Canadians preparing for life without retirement
It looks like the concept of retiring is ready for retirement. Nearly one in five Canadian workers (17 per cent) expect that they’ll never be able to retire fully, compared to 12 per cent globally, according to a new HSBC report.
The Future of Retirement: Life after Work? global survey also found that 40 per cent of retired Canadians said they had not prepared adequately or at all for a comfortable retirement, while 4 per cent of those retirees reported they’d have to go back to work to cover their financial shortfall.
Furthermore, 54 per cent of retired Canadians who said they’ve been unable to realize their retirement plans believed this is because they have less money to live on than they had expected.
“Where some people regard a comfortable retirement as a natural entitlement, for a growing number [of Canadians] this is not the case,” says Betty Miao, executive vice president of retail banking and wealth management at HSBC Bank Canada.
So what’s fuelling the “age of the unretired”? Vancouver certified financial planner Anne Brandt says several factors have contributed to people being unprepared financially for their so-called golden years.
Lack of full-time employment, loss of guaranteed pensions and restructuring in peak earnings years have crushed the retirement dreams of many Canadians.
“A lot of people are finding that they can’t retire as soon as they wanted to with all the downsizing that’s gone on over the years,” Brandt says.
“It’s also harder if you’ve been downsized in your 50s or later to find employment that pays what you were making prior to that, and sometimes it takes a while to find new work. People who had to change jobs might have been in a defined benefit plan and now they no longer are.”
The Great Recession
We all saw the markets crash, and when they did, Baby Boomers say their retirement dreams go up in smoke. “With what happened in 2008, people’s portfolios are just now starting to recover after a five-year loss in terms of growth,” Brandt says. “That’s definitely put things behind.”
Assumption that expenses will decrease in retirement
According to the HSBC report, 52 per cent of global respondents in retirement have seen no reduction in their expenses, while 17 per cent have seen their expenses increase. Many people aren’t prepared specifically for the costs of aging like medical, home care and nursing-care costs.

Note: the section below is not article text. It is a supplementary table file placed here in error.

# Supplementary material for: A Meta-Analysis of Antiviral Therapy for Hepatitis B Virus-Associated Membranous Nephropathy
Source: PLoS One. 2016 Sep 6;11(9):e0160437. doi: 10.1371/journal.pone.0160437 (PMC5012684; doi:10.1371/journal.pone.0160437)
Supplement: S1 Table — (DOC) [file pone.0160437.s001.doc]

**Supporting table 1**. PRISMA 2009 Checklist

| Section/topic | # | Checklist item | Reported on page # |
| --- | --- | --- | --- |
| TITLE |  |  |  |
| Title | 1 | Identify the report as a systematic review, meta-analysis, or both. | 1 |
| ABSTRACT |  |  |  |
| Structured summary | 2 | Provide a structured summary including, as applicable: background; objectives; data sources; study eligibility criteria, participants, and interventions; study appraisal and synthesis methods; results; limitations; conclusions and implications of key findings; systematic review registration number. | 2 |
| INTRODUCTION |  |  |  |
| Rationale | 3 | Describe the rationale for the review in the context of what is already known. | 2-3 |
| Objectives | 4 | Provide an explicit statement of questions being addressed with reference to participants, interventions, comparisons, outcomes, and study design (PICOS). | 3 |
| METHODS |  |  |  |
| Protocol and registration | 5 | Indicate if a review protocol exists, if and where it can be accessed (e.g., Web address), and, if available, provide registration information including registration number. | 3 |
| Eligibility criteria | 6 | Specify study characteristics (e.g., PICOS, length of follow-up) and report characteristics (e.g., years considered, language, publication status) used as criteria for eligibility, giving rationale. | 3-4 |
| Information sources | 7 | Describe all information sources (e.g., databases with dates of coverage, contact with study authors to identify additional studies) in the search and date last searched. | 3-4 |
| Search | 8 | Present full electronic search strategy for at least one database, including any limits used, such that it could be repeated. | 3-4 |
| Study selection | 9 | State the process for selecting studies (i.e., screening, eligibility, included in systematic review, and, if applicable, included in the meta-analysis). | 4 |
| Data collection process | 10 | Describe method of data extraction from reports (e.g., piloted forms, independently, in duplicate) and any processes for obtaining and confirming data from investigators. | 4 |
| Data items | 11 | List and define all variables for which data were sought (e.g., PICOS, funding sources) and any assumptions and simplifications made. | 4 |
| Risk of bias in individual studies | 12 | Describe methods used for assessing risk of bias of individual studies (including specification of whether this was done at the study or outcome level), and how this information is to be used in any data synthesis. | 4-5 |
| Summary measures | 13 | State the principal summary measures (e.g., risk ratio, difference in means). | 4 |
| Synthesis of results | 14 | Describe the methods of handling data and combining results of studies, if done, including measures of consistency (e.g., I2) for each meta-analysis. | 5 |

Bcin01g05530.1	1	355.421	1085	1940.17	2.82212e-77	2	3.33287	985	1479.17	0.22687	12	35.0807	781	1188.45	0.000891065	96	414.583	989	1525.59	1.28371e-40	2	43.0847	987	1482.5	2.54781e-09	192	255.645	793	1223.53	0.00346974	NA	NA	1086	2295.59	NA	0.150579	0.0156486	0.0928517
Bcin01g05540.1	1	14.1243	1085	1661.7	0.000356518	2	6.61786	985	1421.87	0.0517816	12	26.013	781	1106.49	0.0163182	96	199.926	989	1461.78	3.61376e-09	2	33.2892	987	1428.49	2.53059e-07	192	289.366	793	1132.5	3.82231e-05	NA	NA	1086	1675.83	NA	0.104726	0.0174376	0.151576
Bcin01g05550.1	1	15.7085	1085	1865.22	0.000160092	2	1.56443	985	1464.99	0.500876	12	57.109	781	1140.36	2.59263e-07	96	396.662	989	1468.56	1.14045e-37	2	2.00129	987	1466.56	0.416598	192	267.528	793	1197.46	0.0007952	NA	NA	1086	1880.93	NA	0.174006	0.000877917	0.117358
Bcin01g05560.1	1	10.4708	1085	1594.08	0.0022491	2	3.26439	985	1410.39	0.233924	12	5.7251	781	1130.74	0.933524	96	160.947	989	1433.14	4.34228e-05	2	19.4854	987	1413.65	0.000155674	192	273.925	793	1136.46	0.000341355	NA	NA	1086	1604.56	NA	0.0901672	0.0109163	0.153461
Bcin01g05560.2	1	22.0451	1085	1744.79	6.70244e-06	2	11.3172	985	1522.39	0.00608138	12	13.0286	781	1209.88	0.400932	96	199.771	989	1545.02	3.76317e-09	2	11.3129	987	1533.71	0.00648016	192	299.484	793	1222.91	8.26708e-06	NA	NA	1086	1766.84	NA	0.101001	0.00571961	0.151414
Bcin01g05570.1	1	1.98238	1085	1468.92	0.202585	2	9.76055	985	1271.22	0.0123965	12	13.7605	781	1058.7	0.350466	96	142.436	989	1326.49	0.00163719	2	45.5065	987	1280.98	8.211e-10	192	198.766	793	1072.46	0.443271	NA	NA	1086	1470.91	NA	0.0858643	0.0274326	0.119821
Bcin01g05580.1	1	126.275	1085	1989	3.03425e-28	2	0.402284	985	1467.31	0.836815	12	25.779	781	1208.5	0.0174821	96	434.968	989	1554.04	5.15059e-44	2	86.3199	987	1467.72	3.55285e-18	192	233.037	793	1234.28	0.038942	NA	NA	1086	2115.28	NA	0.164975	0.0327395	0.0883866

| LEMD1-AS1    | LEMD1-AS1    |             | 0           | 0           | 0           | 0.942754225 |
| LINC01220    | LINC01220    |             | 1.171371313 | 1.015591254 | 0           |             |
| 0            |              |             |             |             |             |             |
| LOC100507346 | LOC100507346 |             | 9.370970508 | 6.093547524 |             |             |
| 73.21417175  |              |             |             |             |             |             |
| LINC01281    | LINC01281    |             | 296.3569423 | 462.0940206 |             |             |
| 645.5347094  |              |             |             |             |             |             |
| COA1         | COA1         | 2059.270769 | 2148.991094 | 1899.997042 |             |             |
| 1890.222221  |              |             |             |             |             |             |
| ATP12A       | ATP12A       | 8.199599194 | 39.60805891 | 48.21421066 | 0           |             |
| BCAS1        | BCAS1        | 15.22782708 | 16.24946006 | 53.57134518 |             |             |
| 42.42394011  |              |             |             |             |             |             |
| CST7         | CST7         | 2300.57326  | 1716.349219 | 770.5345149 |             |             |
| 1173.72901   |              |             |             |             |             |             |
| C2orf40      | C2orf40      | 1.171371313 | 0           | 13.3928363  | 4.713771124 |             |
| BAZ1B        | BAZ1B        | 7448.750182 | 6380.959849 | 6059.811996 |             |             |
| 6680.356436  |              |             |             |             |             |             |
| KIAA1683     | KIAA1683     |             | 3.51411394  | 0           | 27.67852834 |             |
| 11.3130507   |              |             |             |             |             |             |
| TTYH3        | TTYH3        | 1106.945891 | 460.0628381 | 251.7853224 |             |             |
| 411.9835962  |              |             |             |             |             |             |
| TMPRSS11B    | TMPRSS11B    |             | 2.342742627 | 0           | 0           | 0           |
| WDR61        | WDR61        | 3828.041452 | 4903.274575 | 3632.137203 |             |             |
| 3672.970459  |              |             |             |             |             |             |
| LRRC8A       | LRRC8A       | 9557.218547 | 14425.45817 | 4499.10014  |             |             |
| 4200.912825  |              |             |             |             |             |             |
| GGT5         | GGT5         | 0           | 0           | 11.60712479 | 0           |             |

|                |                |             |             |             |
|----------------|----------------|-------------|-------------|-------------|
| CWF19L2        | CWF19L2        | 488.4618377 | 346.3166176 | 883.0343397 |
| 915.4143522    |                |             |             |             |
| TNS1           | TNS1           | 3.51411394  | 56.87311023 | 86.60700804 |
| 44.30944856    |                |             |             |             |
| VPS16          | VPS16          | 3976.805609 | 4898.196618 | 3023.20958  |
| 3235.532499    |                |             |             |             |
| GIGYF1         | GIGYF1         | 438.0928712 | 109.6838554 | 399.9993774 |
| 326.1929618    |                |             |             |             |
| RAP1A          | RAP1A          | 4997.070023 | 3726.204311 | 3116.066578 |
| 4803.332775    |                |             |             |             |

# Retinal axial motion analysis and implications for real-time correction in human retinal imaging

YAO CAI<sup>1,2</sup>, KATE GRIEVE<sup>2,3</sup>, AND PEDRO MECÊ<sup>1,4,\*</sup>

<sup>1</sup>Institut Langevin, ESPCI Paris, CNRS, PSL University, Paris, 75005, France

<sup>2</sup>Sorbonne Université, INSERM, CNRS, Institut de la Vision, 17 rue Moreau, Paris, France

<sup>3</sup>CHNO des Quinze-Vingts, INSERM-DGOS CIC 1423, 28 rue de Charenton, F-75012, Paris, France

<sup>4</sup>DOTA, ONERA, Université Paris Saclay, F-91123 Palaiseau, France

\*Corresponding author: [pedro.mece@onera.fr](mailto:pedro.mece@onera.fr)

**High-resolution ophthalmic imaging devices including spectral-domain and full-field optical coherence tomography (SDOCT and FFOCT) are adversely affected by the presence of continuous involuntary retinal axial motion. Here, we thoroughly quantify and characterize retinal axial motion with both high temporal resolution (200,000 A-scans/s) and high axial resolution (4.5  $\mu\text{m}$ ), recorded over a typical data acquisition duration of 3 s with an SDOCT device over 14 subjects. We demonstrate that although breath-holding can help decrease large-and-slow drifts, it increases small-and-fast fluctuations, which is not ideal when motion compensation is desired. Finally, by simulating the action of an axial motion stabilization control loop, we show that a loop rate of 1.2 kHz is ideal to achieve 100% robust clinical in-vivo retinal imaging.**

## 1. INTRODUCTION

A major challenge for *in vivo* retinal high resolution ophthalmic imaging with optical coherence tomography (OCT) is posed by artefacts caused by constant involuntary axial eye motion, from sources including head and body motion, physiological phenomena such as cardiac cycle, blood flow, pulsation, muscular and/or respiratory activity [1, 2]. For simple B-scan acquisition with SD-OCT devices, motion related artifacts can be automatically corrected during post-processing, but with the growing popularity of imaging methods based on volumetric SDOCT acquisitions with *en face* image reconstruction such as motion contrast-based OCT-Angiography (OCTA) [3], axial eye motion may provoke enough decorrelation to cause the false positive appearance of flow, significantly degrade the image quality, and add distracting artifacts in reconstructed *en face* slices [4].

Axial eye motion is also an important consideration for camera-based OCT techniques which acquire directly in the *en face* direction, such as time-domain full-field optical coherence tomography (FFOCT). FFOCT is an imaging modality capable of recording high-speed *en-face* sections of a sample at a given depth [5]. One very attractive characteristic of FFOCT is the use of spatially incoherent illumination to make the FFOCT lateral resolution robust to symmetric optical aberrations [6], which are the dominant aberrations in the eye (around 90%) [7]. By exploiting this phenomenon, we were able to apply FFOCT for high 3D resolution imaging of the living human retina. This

According to Statistics Canada, 42.3 per cent of young adults aged 20 to 29 lived in the parental home putting a strain on parents who thought they would be empty nesters. “Especially in markets like Vancouver, a lot of people have kids at university who are living at home because they can’t afford to move out,” Brandt notes.
Stuck in the sandwich generation
More and more Canadians find themselves caring for children as well as aging and possibly ailing parents, putting them in a financial vise. According to recent data from Statistics Canada, there are more than 8 million caregivers in Canada’s “sandwich generation.”
Hefty mortgage payments
“Some people do end up with mortgages when they go to retire,” Brandt says. “I do see people who have a $400,000 mortgage when they’re retiring and they’re going to have to work or go back to work, even if they left or received a package, even if they’re in their 60s.”
Relying solely on the family home as nest egg
Relying solely on your home to finance retirement is a risky plan. “For many people, a lot of their equity is in their homes,” Brandt notes. “If you downsize, where are you going to go? It can be difficult, because even going into a condo or a townhouse, by the time you start to pay condo fees, and you’ve added the cost of the commission to a realtor, and you get to the new place do a few renos, you don’t have a lot of money left.”
“A lot of people don’t know what they spend,” Brandt says. “You don’t need to nickel and dime yourself, but going into retirement, it’s really important to know what you actually spend money on.” Many financial planners suggest tracking spending for a few weeks or months to really get a grip on this.
Rushing into retirement
Sixty-four per cent of all survey respondents who entered semi-retirement wished that they had stayed in full-time employment longer. This regret is largely for positive reasons, with many retired people seeing work as an important means of keeping the body and mind active.
On the positive side of things, many semi-retired Canadians said they genuinely wanted to stay in the work force. Forty-seven per cent said they like keeping active physically and mentally, 41 per cent said they like working, and 35 per cent said it would ease the transition into retirement.
“I do see lots of people who are prepared for retirement,” Brandt notes. “It is possible.”